Ahab wheeled around. “I told you, Biah, get rid of him. I’ve got a fight on my hands, and my army’s in Jezreel.”

Biah turned to Ahab. “With all due respect, my king, you’ll want to hear this boy.”

Ahab’s face reddened. His body stiffened. “Out.”

Biah cocked his head, and Gera steered Jeph into the palace. Biah followed as far as the entry and planted himself in front of Jeph. “Young man, who did you say woke you?”


The sun moved beyond the meridian, and a messenger brought new words from Ben-hadad. “I’m sending my men tomorrow to pick through your things and bring me the best of the lot.”

A vein popped out on Ahab’s forehead. He gestured to his scout. “Hide this fellow, so I don’t hurt him.” He opened his hands toward Biah. “Pick through my things?” He cracked his knuckles.

Biah shuddered. Ben-hadad’s clumsy compositions foretold his crude desires. They made him no friends, but they made enemies listen. Biah raised his eyebrows. “Are the elders still in their council meeting?”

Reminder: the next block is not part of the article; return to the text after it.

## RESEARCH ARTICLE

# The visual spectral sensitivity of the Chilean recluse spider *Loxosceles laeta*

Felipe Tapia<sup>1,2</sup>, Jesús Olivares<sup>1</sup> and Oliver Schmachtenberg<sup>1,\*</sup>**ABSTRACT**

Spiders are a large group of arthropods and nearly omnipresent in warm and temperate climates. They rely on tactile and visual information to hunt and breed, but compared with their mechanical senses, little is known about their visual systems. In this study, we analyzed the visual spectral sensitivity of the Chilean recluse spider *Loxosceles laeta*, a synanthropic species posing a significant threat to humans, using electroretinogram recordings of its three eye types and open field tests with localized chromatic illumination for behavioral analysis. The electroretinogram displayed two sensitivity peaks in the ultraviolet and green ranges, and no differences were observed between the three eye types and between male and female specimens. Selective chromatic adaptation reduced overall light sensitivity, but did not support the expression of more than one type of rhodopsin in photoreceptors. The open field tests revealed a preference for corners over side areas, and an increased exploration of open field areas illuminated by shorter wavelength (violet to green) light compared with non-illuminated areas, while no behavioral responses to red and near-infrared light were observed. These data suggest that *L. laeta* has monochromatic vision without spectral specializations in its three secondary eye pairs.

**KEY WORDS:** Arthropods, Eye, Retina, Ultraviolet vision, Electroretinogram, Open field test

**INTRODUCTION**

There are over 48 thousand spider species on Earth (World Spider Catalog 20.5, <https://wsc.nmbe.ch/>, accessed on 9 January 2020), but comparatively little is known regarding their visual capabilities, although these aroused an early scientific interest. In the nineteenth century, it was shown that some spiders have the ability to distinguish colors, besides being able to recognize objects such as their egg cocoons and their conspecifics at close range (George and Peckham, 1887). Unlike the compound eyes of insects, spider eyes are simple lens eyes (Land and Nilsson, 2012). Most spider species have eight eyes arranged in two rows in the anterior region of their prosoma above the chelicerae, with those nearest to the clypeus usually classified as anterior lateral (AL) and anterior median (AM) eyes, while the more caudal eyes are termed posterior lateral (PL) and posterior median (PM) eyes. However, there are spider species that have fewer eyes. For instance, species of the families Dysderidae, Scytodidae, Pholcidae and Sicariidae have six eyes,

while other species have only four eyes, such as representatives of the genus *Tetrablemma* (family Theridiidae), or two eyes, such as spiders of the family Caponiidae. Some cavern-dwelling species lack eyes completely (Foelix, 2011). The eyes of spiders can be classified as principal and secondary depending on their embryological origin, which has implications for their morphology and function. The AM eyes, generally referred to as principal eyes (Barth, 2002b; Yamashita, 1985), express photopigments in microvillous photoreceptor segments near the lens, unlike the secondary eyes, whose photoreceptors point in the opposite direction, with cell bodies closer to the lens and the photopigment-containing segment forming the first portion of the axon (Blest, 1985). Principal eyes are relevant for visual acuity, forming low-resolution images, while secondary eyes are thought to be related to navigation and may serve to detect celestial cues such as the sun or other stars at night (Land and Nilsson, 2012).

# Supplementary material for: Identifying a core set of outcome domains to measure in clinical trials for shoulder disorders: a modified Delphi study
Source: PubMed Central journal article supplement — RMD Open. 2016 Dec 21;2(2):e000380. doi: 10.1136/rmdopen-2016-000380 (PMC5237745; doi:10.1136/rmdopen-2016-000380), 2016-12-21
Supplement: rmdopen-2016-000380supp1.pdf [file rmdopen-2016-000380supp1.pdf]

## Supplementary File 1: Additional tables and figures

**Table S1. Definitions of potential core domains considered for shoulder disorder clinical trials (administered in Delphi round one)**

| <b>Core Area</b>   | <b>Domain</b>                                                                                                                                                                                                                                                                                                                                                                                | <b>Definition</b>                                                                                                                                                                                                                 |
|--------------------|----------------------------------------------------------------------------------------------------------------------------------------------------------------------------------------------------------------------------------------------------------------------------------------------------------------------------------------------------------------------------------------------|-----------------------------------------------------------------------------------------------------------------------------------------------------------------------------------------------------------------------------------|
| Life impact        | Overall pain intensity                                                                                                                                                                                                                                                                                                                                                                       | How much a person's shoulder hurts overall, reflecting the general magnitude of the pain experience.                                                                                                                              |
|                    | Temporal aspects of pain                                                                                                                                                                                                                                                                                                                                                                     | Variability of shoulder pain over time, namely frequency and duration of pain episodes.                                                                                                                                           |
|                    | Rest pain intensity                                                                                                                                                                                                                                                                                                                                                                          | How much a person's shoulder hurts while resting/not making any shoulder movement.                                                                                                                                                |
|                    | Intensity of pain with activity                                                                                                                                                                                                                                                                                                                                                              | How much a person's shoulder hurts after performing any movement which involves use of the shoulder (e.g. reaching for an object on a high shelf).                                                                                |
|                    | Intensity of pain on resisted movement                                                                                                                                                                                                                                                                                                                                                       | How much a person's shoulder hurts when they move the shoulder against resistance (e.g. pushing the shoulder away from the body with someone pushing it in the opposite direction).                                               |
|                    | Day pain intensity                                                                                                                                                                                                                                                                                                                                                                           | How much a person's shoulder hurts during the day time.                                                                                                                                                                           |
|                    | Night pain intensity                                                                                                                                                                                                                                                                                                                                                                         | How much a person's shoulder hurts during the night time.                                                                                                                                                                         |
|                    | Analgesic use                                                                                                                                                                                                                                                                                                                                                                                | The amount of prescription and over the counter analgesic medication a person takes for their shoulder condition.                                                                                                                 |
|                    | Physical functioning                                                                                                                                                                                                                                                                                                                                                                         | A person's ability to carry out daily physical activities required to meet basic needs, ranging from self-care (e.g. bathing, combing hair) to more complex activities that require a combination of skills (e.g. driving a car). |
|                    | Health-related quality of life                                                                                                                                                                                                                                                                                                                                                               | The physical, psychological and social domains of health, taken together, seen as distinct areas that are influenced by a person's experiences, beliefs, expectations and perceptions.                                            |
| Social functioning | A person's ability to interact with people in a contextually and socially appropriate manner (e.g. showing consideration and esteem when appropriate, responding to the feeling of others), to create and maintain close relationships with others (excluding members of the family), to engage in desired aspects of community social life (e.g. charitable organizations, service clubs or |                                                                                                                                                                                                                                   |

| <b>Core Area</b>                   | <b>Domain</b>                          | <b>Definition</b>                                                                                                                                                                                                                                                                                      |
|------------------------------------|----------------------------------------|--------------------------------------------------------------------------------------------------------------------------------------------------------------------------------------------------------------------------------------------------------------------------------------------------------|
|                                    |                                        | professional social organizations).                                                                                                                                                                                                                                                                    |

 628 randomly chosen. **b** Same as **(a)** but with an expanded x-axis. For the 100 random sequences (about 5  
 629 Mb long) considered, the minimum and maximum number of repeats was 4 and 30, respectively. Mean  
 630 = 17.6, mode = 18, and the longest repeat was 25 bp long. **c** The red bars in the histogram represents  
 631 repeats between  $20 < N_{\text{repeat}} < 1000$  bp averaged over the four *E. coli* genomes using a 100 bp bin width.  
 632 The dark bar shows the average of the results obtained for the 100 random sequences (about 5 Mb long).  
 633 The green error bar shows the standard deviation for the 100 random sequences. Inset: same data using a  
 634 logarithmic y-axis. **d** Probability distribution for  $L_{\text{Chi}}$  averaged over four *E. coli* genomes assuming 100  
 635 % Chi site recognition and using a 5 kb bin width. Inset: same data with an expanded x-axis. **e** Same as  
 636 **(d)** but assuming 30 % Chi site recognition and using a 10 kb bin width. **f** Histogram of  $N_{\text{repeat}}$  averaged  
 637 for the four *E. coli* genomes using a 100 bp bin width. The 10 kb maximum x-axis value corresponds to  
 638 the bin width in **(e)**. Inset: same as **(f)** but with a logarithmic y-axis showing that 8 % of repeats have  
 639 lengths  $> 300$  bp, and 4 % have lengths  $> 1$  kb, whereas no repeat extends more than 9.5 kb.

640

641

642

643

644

Ahab shrugged. “Come.” He led Biah to the meeting room and addressed the council. “Esteemed elders of our land. See how this young Ben-hadad is looking for trouble. He asked for my wives and children, my silver and gold, so I gave him the polite answer due any guest. But now he wants to sort force his way in and take whatever he wants.”

The elders eyed each other and shook their heads. The chief elder frowned. “Tell him to shove off.”

Biah grinned. Ah, the language of diplomacy.

Out on the veranda, Ahab translated the chief elder’s message for Ben-hadad. “Please tell my lord the king, ‘I cannot meet this new demand.’”

The Syrian barely left when he returned with Ben-hadad’s reply. “We will chop Samaria into pieces too fine to pick up in your hand.”

A thin smile played at the edges of Ahab’s mouth. “Tell your king the one who straps on armor should not boast like the one who takes it off.”

The messenger left.